The holidays cry out for cookie-cutter cookies. Our family always had lots – Hanukkah cookies including dreidels and elephants (for the one that Judah the Macabee’s brother heroically slew). Our Christmas cookies included decorated angels and Santa’s sleigh cookies. And what better way to celebrate the season than to add a taste of the Sonoran Desert to your holidays?! We make it easy with this recipe.
When I (Jacqueline Soule) went gluten free over a decade ago there were few gluten-free flour options available. Always the scientist, I experimented with what I could find, like rice flour. I also ground whole almonds in the blender to make flour. Then I found powdered xanthan gum.* It helps mimic the action of the wheat gluten, making wheat-free dough stick together.
*Xanthan gum is another great scientific product brought to us by an innovative woman scientist. More at the end of this article.
Desert lavender (Hyptis emoryi) grows well in the Sonoran desert and is often found in the sandy soils along washes. It is one of the favored plants of honeybees in early spring, and I leave the flowers for them until later in the year when I harvest again and again. I dry the flowers in a terra cotta plant saucer, and jar them once dry. SavortheSW discussed desert lavender as a tasty syrup, and on GardeningWithSoule I shared using it for tasty herbal iced tea.
Gluten-free flours can introduce a nutty or earthy flavor to a recipe, which compliments the desert lavender well. I have used up to 5 teaspoons of ground desert lavender before it seemed excessive to guests (but not to me).
Desert Lavender Cookie-Cutter Gluten-Free Cookies
Makes roughly 2 dozen
wet ingredients ¾ cup butter ( 1 ½ sticks) - warm to room temperature 1 cup sugar 2 large eggs or 3 small, works well with 2 duck eggs 1/2 teaspoon vanilla extract 1/2 teaspoon almond extract dry ingredients 3 1/2 cups gluten-free flour blend (you can use regular flour) 1 teaspoon xanthan gum (omit if part of your purchased flour blend) 1 teaspoon baking powder 3 teaspoons dried ground desert lavender ¼ teaspoon sea salt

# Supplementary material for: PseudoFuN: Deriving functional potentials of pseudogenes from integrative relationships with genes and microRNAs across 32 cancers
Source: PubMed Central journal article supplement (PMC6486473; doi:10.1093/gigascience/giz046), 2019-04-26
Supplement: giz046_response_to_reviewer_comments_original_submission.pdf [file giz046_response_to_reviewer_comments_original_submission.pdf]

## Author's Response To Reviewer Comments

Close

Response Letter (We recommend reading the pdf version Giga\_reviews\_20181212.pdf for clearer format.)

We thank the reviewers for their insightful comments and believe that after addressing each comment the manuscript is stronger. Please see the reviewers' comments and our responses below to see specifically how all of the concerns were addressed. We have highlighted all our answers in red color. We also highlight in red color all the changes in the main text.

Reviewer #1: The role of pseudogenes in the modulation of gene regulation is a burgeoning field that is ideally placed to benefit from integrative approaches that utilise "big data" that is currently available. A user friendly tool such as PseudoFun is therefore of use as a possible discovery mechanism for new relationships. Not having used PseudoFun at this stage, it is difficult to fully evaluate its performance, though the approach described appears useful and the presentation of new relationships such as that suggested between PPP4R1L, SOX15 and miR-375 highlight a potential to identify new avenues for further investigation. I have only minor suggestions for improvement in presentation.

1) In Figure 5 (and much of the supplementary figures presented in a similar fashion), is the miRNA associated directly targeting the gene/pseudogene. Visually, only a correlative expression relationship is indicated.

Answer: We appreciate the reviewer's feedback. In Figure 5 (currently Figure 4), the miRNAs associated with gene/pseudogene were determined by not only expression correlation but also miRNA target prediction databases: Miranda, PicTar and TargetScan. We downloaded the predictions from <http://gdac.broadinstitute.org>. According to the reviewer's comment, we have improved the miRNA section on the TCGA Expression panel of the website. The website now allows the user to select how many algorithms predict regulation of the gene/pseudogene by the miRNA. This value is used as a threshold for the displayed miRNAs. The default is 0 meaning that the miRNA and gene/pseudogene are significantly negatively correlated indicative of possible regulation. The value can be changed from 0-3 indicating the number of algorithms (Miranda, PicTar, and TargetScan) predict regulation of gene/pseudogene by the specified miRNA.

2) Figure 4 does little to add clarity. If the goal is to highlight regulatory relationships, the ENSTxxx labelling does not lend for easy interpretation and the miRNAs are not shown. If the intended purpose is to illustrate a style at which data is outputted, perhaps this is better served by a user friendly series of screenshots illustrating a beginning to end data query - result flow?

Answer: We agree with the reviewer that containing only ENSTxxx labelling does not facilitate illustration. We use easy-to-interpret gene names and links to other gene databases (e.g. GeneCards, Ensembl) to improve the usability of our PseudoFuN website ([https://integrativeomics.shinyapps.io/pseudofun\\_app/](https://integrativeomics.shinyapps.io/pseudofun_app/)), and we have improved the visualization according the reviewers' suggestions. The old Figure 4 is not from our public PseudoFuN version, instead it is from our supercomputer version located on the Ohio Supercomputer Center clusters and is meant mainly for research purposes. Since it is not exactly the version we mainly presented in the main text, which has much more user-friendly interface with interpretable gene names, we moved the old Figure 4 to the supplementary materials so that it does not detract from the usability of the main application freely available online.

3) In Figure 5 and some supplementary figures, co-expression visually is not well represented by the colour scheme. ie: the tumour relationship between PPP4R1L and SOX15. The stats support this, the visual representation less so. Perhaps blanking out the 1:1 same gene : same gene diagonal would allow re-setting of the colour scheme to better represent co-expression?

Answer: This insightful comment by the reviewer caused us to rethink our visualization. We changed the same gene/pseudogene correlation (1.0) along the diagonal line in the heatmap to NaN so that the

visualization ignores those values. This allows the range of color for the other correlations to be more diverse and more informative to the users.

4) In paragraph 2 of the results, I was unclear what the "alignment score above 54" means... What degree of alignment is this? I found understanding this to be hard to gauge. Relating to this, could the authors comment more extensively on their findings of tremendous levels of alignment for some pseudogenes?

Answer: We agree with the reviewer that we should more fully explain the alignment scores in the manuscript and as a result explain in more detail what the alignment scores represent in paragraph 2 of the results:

Prepare the Desert Lavender
Use a mortar and pestle to grind the desert lavender before adding to the recipe. Crushing the buds brings out the flavor more fully, rather than chopping. Leaving them whole makes the dough too crumbly.
Make the dough
Cream together butter and sugar.
Add eggs, vanilla, and almond extracts and mix until thoroughly combined.
Combine dry ingredients and lavender in a separate bowl.
Add the dry ingredients to the sugar and egg mixture and mix well to combine.
Wrap the dough in parchment paper, or a beeswax-cloth food keeper (from Monica King) and allow it to cool in the fridge for 30 minutes, or overnight. If life happens, this can store for at least three days if well sealed against drying out.
Make the cookies
Preheat oven to 350F.
Roll out dough to a ¼ inch thickness.
Do this between two sheets of parchment paper (see tips) or, if you have none, a lightly floured board. Roll to a 1/4 inch thickness.
Cut out desired shapes and transfer to a oiled or parchment lined baking sheet.
Bake for 12 – 14 minutes, until barely brown at the edges. They will continue to cook out of the oven.
Allow to cool slightly on the baking sheet before transferring to a cooling rack.
Once cool, decorate as desired, or just enjoy them.
Refrigerate the dough for at least 30 minutes to allow it to firm up and be easier to handle.
This recipe can be made vegan and dairy-free easily using vegan butter and egg alternative.
If possible, avoid flouring your work surface as this will effect the cookie texture. Parchment paper works great for rolling out the dough.
This recipe is not overly sweet. If you prefer your cookies on the sweeter side, increase the sugar to taste.
* Xanthan gum was discovered in the 1960’s by Dr. Allene Rosalind Jeanes and her research team at the United States Department of Agriculture. Xanthan gum is a polysaccharide is now a common food additive. It is an effective thickening agent and stabilizer to prevent ingredients from separating. It can be produced from simple sugars using a fermentation process, and derives its name from the species of bacteria used, Xanthomonas campestris. This is the same bacterium responsible for causing black rot to form on broccoli, cauliflower, and other leafy vegetables.
To learn to use other savory Sonoran herbs, visit Savorist Monica King Saturdays at the Arivaca’s Farmers Market, or come to one of Savorist Jacqueline Soule’s free lectures. We try to mention both on our Facebook page. We both have copies of Father Kino’s Herbs: Growing and Using Them Today (Tierra del Sol Institute Press). This link is to Amazon and if you buy the book there we will get a few pennies.
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